The Truth About Gun Shows
by David Kopel
"Close the gun show loophole" demands Handgun Control, Inc. The major obstacle to Congress complying with HCI's wishes appears to be the desire of many Democrats to preserve gun shows as a campaign issue in the 2000 election. But if the voters learn the facts about gun shows, they will discover that there is no gun show loophole, no gun show crime problem, and no reason to adopt federal legislation whose main impact would be to infringe First and Second Amendment rights.
Despite what some media commentators have claimed, existing gun laws apply just as much to gun shows as they do to any other place where guns are sold. Ever since 1968, persons engaged in the business of selling firearms have been required to obtain a federal firearms license. If a dealer sells a gun from a storefront, from a room in his home, or from a table at a gun show, the rules are exactly the same: he must call the FBI and get authorization for the sale, after the FBI runs its "instant" background check (which often takes days to complete). As a result, firearms are the most severely regulated consumer product in the U.S.-the only product for which FBI permission is required for every single sale.
Conversely, people who are not engaged in the business, but who sell firearms from time to time (like a man who sells a spare hunting rifle to his brother in-law), are not required to obtain the federal license for gun dealers, or to call the FBI before completing the sale.
Similarly, if a gun collector dies and his widow wants to sell the guns, she does not need a federal firearms license because since she is just selling off inherited property and is not "engaged in the business." And if the widow doesn't want to sell her deceased husband's guns by taking out a classified ad in the newspaper, it is lawful for her to rent a table a gun show, and sell the entire collection in a weekend or two.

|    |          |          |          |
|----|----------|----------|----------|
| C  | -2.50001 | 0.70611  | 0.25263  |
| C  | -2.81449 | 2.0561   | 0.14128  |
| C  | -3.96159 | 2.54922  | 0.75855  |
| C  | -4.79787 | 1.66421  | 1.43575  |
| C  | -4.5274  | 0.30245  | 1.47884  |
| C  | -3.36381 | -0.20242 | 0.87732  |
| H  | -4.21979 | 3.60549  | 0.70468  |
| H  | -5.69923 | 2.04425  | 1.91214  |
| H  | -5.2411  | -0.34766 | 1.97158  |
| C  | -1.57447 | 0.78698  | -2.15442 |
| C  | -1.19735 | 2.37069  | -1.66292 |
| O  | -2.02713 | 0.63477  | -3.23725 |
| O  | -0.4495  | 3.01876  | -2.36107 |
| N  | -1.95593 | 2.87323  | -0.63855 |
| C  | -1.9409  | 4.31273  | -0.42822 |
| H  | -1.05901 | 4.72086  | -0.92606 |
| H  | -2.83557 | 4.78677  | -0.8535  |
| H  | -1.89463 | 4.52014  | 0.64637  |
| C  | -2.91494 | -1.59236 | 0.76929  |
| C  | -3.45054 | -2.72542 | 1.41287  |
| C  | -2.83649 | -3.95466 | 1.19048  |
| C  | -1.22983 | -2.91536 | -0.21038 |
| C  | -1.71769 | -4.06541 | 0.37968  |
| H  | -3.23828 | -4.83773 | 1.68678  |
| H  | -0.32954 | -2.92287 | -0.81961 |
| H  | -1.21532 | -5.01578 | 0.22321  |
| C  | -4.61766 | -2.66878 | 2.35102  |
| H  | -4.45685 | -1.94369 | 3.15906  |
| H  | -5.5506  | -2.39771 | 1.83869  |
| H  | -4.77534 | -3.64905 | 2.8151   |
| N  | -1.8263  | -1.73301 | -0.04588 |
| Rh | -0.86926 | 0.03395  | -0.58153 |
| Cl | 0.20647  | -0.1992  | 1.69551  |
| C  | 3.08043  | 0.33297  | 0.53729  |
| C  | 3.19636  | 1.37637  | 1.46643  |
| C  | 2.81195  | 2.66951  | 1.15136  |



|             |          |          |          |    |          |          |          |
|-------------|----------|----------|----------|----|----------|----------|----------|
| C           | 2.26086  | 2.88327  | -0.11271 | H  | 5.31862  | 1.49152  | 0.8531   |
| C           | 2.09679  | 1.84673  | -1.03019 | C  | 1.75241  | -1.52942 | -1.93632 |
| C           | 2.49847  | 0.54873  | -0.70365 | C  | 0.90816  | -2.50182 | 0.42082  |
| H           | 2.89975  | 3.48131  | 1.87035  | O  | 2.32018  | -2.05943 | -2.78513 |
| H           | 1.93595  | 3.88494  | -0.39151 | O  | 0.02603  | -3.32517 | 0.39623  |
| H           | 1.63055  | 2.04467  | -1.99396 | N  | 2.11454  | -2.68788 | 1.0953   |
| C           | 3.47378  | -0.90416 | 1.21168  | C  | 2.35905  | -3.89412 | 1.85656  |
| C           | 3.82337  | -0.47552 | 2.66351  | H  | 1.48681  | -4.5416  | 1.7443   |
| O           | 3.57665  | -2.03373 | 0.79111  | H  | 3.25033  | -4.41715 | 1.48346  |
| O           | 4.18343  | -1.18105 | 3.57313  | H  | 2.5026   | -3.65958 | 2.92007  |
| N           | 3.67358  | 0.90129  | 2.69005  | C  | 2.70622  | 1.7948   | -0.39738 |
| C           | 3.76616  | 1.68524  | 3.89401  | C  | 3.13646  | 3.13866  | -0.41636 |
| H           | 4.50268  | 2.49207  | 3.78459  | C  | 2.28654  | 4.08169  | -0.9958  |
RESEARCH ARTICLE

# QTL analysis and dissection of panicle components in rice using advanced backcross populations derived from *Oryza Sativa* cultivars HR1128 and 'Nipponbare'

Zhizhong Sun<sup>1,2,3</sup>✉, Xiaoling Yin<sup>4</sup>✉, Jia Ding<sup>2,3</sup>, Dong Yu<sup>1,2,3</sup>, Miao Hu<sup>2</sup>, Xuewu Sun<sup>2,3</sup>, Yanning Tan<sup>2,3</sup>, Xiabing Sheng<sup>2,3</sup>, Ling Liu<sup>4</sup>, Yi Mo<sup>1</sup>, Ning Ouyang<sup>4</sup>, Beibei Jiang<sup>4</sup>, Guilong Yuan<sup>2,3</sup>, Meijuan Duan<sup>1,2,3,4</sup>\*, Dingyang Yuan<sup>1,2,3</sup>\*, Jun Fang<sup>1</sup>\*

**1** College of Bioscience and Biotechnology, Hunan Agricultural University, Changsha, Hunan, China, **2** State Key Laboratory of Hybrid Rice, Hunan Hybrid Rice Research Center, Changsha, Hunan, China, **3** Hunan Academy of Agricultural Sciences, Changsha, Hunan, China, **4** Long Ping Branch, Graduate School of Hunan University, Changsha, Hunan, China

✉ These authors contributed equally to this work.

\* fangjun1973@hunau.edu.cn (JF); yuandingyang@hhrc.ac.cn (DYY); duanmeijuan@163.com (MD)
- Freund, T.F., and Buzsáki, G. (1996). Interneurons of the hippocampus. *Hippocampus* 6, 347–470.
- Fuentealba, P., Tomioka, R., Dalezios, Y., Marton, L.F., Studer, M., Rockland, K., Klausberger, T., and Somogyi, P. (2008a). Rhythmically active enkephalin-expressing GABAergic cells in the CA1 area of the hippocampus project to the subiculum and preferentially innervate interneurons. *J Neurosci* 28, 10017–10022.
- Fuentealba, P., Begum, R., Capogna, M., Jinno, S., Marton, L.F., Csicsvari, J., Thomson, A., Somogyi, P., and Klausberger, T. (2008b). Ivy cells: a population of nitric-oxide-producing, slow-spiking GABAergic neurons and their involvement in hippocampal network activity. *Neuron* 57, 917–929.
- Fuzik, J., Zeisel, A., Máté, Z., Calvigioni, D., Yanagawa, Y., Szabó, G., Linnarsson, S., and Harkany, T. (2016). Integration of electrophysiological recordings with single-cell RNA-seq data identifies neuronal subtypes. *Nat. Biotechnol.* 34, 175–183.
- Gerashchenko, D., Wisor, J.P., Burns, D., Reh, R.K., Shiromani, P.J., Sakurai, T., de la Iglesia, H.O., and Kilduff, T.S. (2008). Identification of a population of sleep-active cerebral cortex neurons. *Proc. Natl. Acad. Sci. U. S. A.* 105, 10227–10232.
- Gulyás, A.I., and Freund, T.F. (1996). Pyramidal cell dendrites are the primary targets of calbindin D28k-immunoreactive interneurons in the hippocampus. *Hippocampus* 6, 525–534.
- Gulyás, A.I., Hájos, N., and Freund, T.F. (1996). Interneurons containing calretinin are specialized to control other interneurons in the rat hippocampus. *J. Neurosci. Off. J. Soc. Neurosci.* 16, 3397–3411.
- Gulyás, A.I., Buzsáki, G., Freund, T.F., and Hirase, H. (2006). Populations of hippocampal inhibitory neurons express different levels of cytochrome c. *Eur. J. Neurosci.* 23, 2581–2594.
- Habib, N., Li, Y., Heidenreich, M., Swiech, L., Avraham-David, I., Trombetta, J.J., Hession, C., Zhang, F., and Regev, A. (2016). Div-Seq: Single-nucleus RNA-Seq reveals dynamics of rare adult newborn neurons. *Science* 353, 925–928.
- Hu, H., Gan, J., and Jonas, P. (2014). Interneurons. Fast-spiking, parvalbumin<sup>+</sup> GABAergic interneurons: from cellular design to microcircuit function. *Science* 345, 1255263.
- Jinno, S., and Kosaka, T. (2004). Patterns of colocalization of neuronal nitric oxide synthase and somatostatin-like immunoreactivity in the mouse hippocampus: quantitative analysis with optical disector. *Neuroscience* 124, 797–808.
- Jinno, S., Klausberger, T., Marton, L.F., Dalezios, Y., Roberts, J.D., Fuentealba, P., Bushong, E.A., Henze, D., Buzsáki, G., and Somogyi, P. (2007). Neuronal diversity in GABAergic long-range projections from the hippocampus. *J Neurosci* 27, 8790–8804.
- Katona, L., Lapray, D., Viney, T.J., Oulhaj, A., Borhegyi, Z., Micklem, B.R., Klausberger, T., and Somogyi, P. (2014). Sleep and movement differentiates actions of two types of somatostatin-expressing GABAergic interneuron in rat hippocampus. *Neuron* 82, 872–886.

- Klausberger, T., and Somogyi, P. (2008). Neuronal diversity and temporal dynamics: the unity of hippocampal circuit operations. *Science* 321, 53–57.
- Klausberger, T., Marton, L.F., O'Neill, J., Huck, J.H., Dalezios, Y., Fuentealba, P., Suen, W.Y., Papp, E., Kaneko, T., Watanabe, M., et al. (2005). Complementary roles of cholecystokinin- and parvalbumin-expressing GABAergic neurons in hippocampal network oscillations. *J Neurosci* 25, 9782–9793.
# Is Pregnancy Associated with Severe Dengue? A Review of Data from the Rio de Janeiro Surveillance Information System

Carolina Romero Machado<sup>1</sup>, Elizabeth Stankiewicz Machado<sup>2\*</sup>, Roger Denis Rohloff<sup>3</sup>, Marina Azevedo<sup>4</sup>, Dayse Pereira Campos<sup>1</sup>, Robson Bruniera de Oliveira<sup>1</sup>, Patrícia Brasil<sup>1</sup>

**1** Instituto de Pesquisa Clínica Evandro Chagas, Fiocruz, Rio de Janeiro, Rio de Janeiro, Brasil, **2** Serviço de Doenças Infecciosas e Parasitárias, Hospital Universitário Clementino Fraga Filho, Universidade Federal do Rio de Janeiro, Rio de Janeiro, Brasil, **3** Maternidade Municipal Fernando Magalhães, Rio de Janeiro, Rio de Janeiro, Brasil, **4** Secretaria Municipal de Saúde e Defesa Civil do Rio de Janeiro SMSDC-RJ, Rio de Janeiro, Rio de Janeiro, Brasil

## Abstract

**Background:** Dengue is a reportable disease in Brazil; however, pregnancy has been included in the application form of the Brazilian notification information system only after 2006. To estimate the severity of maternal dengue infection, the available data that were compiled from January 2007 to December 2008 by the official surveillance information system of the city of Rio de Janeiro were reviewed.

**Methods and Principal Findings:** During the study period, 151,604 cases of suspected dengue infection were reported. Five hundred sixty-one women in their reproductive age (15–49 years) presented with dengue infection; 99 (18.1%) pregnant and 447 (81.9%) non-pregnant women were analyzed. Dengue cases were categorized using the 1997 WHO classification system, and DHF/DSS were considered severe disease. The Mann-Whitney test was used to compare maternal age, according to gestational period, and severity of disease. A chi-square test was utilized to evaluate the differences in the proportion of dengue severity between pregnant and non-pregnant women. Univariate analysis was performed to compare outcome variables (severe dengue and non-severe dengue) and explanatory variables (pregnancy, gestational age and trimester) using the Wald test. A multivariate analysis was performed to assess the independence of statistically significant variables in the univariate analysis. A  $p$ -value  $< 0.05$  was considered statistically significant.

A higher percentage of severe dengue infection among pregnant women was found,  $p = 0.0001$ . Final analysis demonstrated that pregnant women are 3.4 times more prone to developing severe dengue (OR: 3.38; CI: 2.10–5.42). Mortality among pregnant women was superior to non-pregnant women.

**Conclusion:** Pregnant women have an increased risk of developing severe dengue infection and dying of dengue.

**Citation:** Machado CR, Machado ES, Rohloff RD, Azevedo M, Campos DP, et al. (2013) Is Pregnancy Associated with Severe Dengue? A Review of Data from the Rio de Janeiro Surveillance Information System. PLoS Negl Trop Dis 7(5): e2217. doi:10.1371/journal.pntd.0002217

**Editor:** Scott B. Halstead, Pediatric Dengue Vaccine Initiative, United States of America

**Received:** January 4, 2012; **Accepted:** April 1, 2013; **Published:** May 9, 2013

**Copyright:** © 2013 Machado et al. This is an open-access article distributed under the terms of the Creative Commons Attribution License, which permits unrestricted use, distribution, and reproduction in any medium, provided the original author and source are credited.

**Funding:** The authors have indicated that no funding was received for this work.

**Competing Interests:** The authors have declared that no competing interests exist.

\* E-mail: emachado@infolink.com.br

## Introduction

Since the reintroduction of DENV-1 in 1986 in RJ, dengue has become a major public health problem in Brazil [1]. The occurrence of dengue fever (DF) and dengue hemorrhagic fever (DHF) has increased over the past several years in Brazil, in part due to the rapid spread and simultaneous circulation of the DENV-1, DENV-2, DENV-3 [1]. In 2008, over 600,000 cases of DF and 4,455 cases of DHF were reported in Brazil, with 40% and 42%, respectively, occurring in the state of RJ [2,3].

If you walk the aisles at any gun show, you will find that the overwhelming majority of guns offered for sale are from licensed federal dealers. Guns sold by private individuals (such as gun collectors getting rid of a gun or two over the course of the weekend) are the distinct minority.
Yet HCI claims that "25-50 percent of the vendors at most gun shows are unlicensed dealers." This statistic is true only if one counts vendors whoaren't selling guns (e.g., vendors who are selling books, clothing, or accessories) as "unlicensed dealers."
Denver Congresswoman Diana DeGette says that 70% of crime guns come from gun shows. The true figure is rather different, according to the National Institute of Justice (NIJ), the research arm of the U.S. Department ofJustice. According to an NIJ study released in December 1997 ("Homicide in Eight U.S. Cities," a report which covers much more than homicide), only 2% of criminal guns came from gun shows.